Kenton Lloyd Boyer was born in Liberty,
Missouri, northeast of Kansas City, on May 20, 1931. He was the
fifth child and third son of Chester Vernon and Mabel Agnes (Means) Boyer.
Eventually there would be fourteen children, seven sons and seven
When Ken was a year old, Vernon moved his family
back to Jasper County, where he and Mabel were raised and married, in the
southwestern corner of Missouri. He worked various jobs to put food
on the table, clothes on their backs, and a roof over their heads as
the nation struggled through the Great Depression. “The depression
years were pretty tough for Dad,” Ken remembered. “He worked on
a tenant farm and in a grocery store and he did construction work,
too, all over Jasper County.”
After graduating from high school in 1949, Ken
was invited to a special tryout camp at Sportsman’s Park in St.
Louis upon the recommendation of Cardinals scout Runt Marr. Though
he normally played in the infield and outfield, the Cardinals felt
they could use his strong arm as a pitcher instead. He was signed to
a $6,000 bonus, just one thousand under the limit that would’ve
required him to be on the major league roster for his first two
Initially, Ken was assigned to the Rochester
Red Wings, the Cardinals’ Triple-A club in the American
Association, until a roster spot became available at a lower level.
His older brother Cloyd was also on the team, but Ken spent his time
on the bench. Soon he was sent to their Class D North Atlantic
League club in Lebanon, Pennsylvania. The Chix finished the season
in second place (80-56), but were 20-and-a-half games behind the
league champion Stroudsburg Poconos (101-36). They made it to the
playoffs only to be eliminated by the Peekskill Highlanders four
games to one.
As a pitcher, Ken had a 5-1 record in 12 games
with a 3.62 earned-run average in his rookie season. He struck out
32 batters but walked 34. At the plate, he batted .455 with three
home runs and nine runs batted in. Still, the Cardinals wanted him
to develop as a right-handed pitcher.
Ken spent his second minor league season with
the Hamilton Cardinals in the Class D Pennsylvania-Ontario-New York
(PONY) League. Manager Vedie Himsil tried teaching him to throw a
changeup to go with his fastball, but Ken struggled with a 6-8
record and 4.39 ERA. “I had no control,” he later recalled.
“No curve and not much of a fastball.”
At one point, the team was without a third
baseman and Himsil inserted Ken into the starting lineup. The move
was intended to be temporary until a replacement arrived, but he
proved himself defensively and at the plate so well that he stayed.
He still pitched when needed, but more importantly he contributed
nine homers, 61 RBI, and a .342 batting average to help lead the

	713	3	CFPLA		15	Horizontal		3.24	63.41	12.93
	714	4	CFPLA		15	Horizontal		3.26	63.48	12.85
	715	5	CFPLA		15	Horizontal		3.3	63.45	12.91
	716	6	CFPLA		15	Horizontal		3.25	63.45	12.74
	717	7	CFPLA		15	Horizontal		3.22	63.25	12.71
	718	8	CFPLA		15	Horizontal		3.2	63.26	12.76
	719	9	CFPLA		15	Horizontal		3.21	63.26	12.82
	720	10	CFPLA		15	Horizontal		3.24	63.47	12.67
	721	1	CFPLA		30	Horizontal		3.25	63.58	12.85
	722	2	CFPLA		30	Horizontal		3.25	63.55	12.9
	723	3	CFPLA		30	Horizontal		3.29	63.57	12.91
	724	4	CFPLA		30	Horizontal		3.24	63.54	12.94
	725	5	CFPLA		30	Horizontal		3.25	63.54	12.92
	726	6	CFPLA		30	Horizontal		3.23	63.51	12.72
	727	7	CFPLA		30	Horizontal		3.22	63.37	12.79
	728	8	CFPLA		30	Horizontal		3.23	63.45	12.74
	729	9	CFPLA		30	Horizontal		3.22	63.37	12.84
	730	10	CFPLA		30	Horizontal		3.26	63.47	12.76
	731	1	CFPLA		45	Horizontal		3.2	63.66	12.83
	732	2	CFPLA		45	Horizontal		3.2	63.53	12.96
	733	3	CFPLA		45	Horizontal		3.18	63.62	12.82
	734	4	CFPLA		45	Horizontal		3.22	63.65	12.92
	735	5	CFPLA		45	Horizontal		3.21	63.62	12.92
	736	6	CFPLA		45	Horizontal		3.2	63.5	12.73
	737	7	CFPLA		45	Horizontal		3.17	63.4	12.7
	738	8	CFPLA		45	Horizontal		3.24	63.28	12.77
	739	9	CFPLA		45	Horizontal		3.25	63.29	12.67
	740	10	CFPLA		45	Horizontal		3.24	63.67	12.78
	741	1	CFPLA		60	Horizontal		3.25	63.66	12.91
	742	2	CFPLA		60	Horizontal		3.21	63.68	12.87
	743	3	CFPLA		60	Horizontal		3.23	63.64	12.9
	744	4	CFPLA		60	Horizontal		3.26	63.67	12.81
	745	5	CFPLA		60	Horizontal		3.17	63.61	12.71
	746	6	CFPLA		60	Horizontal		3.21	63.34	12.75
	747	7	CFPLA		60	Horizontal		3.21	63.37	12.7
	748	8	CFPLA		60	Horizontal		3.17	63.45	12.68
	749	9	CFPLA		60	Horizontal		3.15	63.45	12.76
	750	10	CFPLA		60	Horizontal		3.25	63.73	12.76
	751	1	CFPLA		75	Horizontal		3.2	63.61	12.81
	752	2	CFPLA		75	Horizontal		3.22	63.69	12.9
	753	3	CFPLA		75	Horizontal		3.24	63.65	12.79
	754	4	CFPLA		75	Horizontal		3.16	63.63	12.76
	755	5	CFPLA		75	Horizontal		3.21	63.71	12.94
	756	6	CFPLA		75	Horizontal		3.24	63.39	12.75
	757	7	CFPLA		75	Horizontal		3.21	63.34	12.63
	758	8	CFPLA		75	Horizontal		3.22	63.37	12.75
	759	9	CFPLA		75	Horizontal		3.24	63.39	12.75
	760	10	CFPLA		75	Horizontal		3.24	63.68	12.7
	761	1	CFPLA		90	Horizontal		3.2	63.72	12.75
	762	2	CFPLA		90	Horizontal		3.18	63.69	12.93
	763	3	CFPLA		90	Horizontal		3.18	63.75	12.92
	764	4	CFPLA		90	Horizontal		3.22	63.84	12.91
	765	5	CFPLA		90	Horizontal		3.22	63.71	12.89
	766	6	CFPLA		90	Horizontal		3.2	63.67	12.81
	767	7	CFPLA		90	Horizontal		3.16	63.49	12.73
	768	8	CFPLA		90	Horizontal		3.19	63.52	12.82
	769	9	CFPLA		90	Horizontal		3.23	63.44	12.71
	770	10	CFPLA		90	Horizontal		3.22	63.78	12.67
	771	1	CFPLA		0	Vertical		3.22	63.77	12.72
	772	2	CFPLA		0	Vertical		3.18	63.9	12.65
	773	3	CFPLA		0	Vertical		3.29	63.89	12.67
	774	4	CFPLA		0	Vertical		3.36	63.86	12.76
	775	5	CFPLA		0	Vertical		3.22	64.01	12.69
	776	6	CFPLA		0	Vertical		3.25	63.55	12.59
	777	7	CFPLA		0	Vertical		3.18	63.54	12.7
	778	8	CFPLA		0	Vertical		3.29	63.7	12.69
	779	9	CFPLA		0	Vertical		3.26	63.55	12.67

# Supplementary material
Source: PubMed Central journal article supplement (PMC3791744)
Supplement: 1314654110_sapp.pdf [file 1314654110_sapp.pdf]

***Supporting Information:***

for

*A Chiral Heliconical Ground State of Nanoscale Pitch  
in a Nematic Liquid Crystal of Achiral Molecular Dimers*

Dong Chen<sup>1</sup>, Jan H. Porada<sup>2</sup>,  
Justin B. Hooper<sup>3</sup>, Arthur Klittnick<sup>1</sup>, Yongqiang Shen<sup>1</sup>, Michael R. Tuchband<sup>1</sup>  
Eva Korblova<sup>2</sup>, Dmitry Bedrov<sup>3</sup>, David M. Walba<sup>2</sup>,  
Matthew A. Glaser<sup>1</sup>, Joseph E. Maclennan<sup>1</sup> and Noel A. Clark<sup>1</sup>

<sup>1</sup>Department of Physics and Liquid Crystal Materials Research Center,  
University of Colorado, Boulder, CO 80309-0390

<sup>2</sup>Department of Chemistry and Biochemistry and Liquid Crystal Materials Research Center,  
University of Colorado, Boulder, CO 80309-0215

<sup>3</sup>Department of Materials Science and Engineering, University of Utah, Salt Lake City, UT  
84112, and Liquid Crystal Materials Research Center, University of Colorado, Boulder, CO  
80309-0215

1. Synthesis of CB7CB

Hamilton Cardinals (68-57) to a third-place finish and a playoff
The St. Louis Cardinals finally admitted Ken
was a better hitter than a pitcher and promoted him to their Class A
Omaha club as a third baseman for the 1951 season. He began the
season hitting and fielding poorly, an early season trend that would
continue through most of his major league career. But under the
tutelage of manager George Kissell, his defense improved and his bat
came alive. He hit .306 with 28 doubles, seven triples, 14 homers,
and 90 RBI in his first full season as a position player. The Omaha
Cardinals captured the Western Association pennant with a 90-64
At the end of the season, Ken was drafted into
the Army and served two years overseas. He continued to play ball
for the Army, playing games in Germany and Africa. Other changes in
his life were his marriage to Kathleen Oliver in April 1952 and the
birth of his first child several months later. He was discharged in
Ken had catching up to do when he arrived for
spring training in 1954. He was assigned to the Houston Buffaloes,
the Cardinals’ Double-A Texas League club. Initially there wasn’t
room for another infielder on their roster and Ken was grouped with
the team’s pitchers. Not only did he show why he was no longer a
pitcher, but he also missed much-needed batting practice to work on his hitting.
Dixie Walker, a former National League batting
champion, was the Houston manager. He worked with Ken on his hitting and defense over the course
of the season. "Ken's hitting bothered me in the
beginning," he recalled a year later. "He was sweeping at
the ball and not getting his wrists snapping through. I didn't want
to fool around with him because I didn't want to have people saying,
'you sure messed him up'...But when we got to Houston and he
couldn't even reach that short fence, I realized something had to be
Eventually Ken broke out of his slump and belted
21 home runs and drove in 116 runs with a .319 average. Houston
finished a game behind the league champion Shreveport Sports with an
89-72 record, yet still won the postseason playoffs over the Fort
Worth Cats four games to one.
At the end of the season, the Cardinals encouraged him to play winter
ball in Cuba. He played for
the Havana club under former St. Louis coach Mike Gonzales. But the
experience ended prematurely when a fastball hit him behind his left ear,
resulting in a severe concussion that left him unconscious for three
days. He tried to return two weeks later, but it was decided to send
him home instead.
The Cardinals were confident that Ken would be their starting third baseman in 1955. So confident were
they that they traded their current third baseman, Ray Jablonski,
who had driven in 104 runs the previous season, to the Cincinnati
Reds (along with pitcher Gerry Staley) on December 8, 1954 for
relief pitcher Frank Smith.
Going into spring training, the third base job
was Ken Boyer’s to lose.